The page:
When It’s Time to Call Your Doctor about Heartburn
Feeling the burn is great when you’re exercising—not so great when it’s your stomach that’s on fire.
Of course, everyone gets an upset stomach occasionally. But when your heartburn never seems to go away, it’s time to contact one of our compassionate digestive specialists at Parkview Medical Center.
What Causes Heartburn
Despite its name, heartburn has nothing to do with your heart. Acid reflux is the burning sensation in your stomach and/or throat which can happen when acid from your stomach backs up into your esophagus because the band of muscle at the bottom of your esophagus isn’t working correctly to keep out the acid. The result is a burning chest pain, usually after eating or at night, that gets worse when you lie down or bend over. You might also get a bad taste in your mouth from the acid.
A more serious form of acid reflux with severe symptoms that go on for a long time is known as GERD (gastroesophageal reflux disease). If you have GERD, you may develop other symptoms too, such as a cough or hoarseness.
So how do you know you’ve hit the point where a medical exam is needed?
“Any kind of heartburn that’s persistent for more than a few weeks, and something that’s new for you,” is reason for a call to the doctor, says Dr. Paula Dionisio, a gastroenterologist with Parkview Medical Group. “It’s important to be seen by a doctor at least once because [heartburn] can be associated with damage to the esophagus or precancerous changes [in the body].”
If your heartburn is persistent and you also are losing weight or having difficulty swallowing, or you find yourself reaching for more and more medications to keep your heartburn under control, it’s important to schedule an appointment with your physician, Dr. Dionisio adds.
Easing the Pain
Your doctor may recommend an X-ray, endoscopy or other medical tests to determine the exact cause of your symptoms. Beyond GERD, your heartburn could be caused by pancreatitis, gallbladder disease, ulcers or other conditions that could affect the treatments recommended.
For GERD, you’ll likely start with medication—either over the counter or prescription—along with lifestyle changes such as cutting back on fatty foods and big meals, not eating more than three hours before bedtime, maintaining a healthy weight and not smoking. Antacids, H2RAs and proton pump inhibitors (PPIs) are the most common medications, although recent research suggesting health risks with extended use of PPIs may result in physicians prescribing lower doses for shorter amounts of time, says Dr. Dionisio.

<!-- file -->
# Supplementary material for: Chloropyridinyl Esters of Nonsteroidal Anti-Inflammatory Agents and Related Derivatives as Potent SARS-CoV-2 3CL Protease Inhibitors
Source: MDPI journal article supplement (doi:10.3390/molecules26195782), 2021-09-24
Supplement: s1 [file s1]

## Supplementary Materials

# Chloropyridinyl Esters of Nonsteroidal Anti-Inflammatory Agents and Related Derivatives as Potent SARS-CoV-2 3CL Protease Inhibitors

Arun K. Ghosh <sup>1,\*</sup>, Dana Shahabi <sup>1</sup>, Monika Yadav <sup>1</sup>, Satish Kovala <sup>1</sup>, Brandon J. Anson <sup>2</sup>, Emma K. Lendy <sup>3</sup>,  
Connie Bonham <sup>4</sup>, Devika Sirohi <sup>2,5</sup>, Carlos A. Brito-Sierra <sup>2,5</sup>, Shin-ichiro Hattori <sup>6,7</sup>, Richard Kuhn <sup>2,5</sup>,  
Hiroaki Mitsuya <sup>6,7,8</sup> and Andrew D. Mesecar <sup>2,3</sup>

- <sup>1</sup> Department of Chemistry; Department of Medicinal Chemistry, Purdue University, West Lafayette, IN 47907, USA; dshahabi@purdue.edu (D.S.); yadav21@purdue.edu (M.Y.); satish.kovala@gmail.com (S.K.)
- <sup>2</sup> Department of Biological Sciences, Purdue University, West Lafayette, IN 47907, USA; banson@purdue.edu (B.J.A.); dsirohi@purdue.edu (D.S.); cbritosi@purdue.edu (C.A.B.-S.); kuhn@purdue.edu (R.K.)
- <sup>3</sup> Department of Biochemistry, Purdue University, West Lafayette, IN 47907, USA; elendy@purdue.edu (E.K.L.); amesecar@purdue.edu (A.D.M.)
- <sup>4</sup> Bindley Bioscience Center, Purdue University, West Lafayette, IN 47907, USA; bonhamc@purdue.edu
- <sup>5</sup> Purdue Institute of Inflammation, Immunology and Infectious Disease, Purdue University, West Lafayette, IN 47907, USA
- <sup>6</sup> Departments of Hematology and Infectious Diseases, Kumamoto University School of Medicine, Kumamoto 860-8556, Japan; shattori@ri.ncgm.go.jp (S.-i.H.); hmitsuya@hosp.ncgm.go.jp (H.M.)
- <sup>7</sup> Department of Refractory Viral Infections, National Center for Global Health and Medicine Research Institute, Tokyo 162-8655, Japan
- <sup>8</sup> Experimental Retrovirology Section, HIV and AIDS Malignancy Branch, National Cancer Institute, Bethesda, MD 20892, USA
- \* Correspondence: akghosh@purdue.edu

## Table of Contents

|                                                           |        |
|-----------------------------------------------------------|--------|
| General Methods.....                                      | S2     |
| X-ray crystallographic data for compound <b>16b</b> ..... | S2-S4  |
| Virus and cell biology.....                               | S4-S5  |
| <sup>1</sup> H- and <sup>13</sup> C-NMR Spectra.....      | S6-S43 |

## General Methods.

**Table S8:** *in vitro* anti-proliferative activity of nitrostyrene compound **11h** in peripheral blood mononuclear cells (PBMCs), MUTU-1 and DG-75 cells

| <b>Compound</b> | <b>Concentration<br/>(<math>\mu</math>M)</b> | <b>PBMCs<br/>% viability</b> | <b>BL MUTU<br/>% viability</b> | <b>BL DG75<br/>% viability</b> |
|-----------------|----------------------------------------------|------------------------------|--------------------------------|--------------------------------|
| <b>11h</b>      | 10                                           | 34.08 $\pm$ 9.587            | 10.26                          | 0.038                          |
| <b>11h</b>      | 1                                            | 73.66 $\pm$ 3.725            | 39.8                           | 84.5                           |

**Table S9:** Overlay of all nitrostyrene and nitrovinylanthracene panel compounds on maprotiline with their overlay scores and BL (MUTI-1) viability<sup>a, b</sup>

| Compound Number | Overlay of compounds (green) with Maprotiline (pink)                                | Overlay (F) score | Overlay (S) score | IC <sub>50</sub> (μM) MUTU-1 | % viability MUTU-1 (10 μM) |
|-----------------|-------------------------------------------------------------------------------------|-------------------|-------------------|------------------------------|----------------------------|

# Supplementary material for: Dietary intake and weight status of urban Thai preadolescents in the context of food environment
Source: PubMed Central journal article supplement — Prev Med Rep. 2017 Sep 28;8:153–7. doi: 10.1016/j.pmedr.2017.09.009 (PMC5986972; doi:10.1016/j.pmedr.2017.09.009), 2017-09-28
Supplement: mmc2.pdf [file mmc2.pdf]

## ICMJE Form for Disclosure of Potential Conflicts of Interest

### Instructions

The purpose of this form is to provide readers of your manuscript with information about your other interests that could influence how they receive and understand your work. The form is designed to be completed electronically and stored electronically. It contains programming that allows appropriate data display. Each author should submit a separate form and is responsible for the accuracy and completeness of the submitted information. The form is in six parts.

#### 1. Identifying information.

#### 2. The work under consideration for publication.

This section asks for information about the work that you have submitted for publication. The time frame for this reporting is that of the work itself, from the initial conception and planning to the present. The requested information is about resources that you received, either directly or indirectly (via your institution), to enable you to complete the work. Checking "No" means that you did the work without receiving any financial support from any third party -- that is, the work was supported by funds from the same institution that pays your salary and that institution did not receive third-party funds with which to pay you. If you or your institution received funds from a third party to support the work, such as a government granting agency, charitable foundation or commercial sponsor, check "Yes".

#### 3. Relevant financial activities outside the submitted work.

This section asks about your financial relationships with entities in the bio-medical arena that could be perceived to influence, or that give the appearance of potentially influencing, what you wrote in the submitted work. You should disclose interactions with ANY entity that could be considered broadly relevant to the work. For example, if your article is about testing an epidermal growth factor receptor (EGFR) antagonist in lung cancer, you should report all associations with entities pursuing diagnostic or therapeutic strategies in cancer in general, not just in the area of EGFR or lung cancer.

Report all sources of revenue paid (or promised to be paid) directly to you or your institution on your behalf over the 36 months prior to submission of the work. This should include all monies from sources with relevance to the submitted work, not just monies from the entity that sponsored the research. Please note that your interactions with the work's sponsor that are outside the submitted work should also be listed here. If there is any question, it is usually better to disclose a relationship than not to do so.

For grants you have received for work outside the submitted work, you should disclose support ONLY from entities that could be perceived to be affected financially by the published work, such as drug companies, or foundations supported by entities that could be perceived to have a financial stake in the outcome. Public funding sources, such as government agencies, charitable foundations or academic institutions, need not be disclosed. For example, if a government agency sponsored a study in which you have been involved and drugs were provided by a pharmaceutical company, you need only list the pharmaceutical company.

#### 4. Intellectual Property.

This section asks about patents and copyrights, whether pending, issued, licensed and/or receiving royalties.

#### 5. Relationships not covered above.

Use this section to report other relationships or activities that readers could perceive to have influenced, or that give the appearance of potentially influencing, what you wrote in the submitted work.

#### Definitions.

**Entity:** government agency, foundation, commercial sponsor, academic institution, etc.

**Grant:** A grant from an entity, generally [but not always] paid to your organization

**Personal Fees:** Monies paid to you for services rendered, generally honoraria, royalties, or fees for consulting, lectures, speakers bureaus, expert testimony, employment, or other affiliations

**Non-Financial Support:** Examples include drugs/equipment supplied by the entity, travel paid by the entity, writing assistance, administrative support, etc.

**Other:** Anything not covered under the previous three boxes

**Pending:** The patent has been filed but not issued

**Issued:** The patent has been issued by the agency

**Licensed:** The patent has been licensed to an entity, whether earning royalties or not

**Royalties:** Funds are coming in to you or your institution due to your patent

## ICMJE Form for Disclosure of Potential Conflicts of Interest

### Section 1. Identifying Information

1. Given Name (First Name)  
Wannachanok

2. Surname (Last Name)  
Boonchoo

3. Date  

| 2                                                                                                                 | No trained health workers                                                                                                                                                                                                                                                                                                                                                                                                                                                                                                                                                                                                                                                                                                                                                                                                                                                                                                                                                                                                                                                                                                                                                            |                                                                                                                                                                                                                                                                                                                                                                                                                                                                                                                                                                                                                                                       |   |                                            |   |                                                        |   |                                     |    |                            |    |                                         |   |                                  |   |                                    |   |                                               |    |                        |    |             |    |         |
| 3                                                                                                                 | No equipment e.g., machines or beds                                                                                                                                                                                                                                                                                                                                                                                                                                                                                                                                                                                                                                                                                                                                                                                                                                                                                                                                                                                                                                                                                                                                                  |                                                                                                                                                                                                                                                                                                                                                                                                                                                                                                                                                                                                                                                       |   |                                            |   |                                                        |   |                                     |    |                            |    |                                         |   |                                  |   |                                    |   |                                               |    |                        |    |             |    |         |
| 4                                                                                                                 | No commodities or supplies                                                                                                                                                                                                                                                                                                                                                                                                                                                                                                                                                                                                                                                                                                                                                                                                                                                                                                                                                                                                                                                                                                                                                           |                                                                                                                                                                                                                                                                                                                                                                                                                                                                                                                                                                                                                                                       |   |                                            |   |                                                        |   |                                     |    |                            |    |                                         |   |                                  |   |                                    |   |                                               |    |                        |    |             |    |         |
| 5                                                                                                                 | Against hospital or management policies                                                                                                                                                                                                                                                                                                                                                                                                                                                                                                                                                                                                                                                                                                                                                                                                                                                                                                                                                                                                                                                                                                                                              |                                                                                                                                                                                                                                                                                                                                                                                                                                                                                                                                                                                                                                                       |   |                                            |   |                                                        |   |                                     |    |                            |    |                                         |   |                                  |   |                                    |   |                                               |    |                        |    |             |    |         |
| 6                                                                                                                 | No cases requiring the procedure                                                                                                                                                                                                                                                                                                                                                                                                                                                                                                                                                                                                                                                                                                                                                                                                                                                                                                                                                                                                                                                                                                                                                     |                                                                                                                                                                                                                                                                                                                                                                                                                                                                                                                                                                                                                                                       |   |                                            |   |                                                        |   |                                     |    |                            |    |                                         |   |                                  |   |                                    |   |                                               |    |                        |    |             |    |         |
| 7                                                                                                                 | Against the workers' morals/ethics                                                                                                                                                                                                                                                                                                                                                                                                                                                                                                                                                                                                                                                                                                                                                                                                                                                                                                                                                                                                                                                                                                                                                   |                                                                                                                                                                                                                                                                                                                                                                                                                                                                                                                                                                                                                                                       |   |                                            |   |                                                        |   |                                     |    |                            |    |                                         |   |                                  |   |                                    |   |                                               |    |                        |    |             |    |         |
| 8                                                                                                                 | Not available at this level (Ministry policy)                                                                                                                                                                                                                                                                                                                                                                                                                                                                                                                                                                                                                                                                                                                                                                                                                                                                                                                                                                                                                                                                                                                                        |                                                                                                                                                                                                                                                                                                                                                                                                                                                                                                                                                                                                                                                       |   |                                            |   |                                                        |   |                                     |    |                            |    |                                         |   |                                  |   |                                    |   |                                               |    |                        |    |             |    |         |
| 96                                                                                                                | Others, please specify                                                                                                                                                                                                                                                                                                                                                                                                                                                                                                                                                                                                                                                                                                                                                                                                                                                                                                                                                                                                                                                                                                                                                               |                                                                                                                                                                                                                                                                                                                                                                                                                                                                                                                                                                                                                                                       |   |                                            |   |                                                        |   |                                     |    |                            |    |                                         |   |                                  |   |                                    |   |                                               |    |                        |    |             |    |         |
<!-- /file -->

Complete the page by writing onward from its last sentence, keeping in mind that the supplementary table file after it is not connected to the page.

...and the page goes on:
“It’s a conversation I have with people every time I prescribe [a PPI],” Dr. Dionisio says. “There’s more of a goal now of using it in the short term, and potentially transitioning to something a little more like [H2RAs].”
“Most physicians now say you should be on the lowest [PPI] dose needed to control the symptoms, and maybe [put] a little more attention on dietary control and lifestyle modifications,” says Dr. Dionisio.
Surgery or endoscopic treatments are options for GERD that doesn’t respond well to medication and lifestyle changes, but they aren’t as commonly used, says Dr. Dionisio.
“If you can manage it with diet, lifestyle and habits, that’s probably the best way for go for anybody,” she says. “A lot of people can improve their symptoms with those measures.”
Some foods and drinks can act as triggers for heartburn, so you may want to try avoiding them:
- Carbonated beverages
- Coffee and other caffeinated drinks
- Spicy foods
- Citrus fruits
- Tomato products
- Fatty/fried foods
- Large meals
Heartburn or Heart Attack?
Heart attack symptoms can sometimes be mistaken for heartburn, so get immediate medical care if you have severe chest pain or pressure and:
- Pain in the arm, jaw or back
- Difficulty breathing
- Cold sweat
- Lightheadedness or dizziness
A Glossary of Heartburn Medications
Antacid: neutralizes (weakens) the acid in the stomach, works quickly to treat mild symptoms
Examples: calcium carbonate (Tums), calcium carbonate/magnesium hydroxide (Rolaids)
H2RA (H-2 receptor antagonist): causes the stomach to produce less acid by blocking the action of histamine, available over the counter or by prescription
Examples: famotidine (Pepcid AC), cimetidine (Tagamet)
Proton pump inhibitor (PPI): causes the stomach to produce less acid by blocking the enzyme system that produces it, available over the counter or by prescription
Examples: lansoprazole (Prevacid), omeprazole (Prilosec)
Paula Dionisio, MD
Dr. Paula Dionisio, a Pueblo native and graduate of Central High School, graduated magna cum laude from the University of Notre Dame in 3 years before attending Georgetown University School of Medicine. Dr. Dionisio then completed her Internal Medicine Residency and Gastroenterology Fellowship at the esteemed Mayo Clinic.
Lirio S. Polintan, MD
Specialties: Gastroenterology and Internal Medicine
Dr. Lirio S. Polintan has been practicing in Pueblo since 1981. Dr. Polintan is Board Certified in Internal Medicine and Gastroenterology and is a Fellow of the American College of Physicians; American College of Gastroenterology, and American Gastroenterological Association. He is also a member of the American Society of Gastrointestinal Endoscopy.
Charles Ruzkowski, MD
Dr. Chuck Ruzkowski attended Chicago Medical School, Loyola University Medical Center, and the University of Arizona. He has held academic appointments at the University of Arizona and the University of Iowa. He is Board Certified in Internal Medicine and Gastroenterology and has over 15 years of endoscocpic and practice experience.
Barbara Niven, PA-C
Barbara Niven is a certifed Physician Assistant with extensive experience in caring for patients with gastroenterology disorders. She has a special focus on treating patients diagnosed with Hepatitis-C and helping them to understand their treatment options and pathways.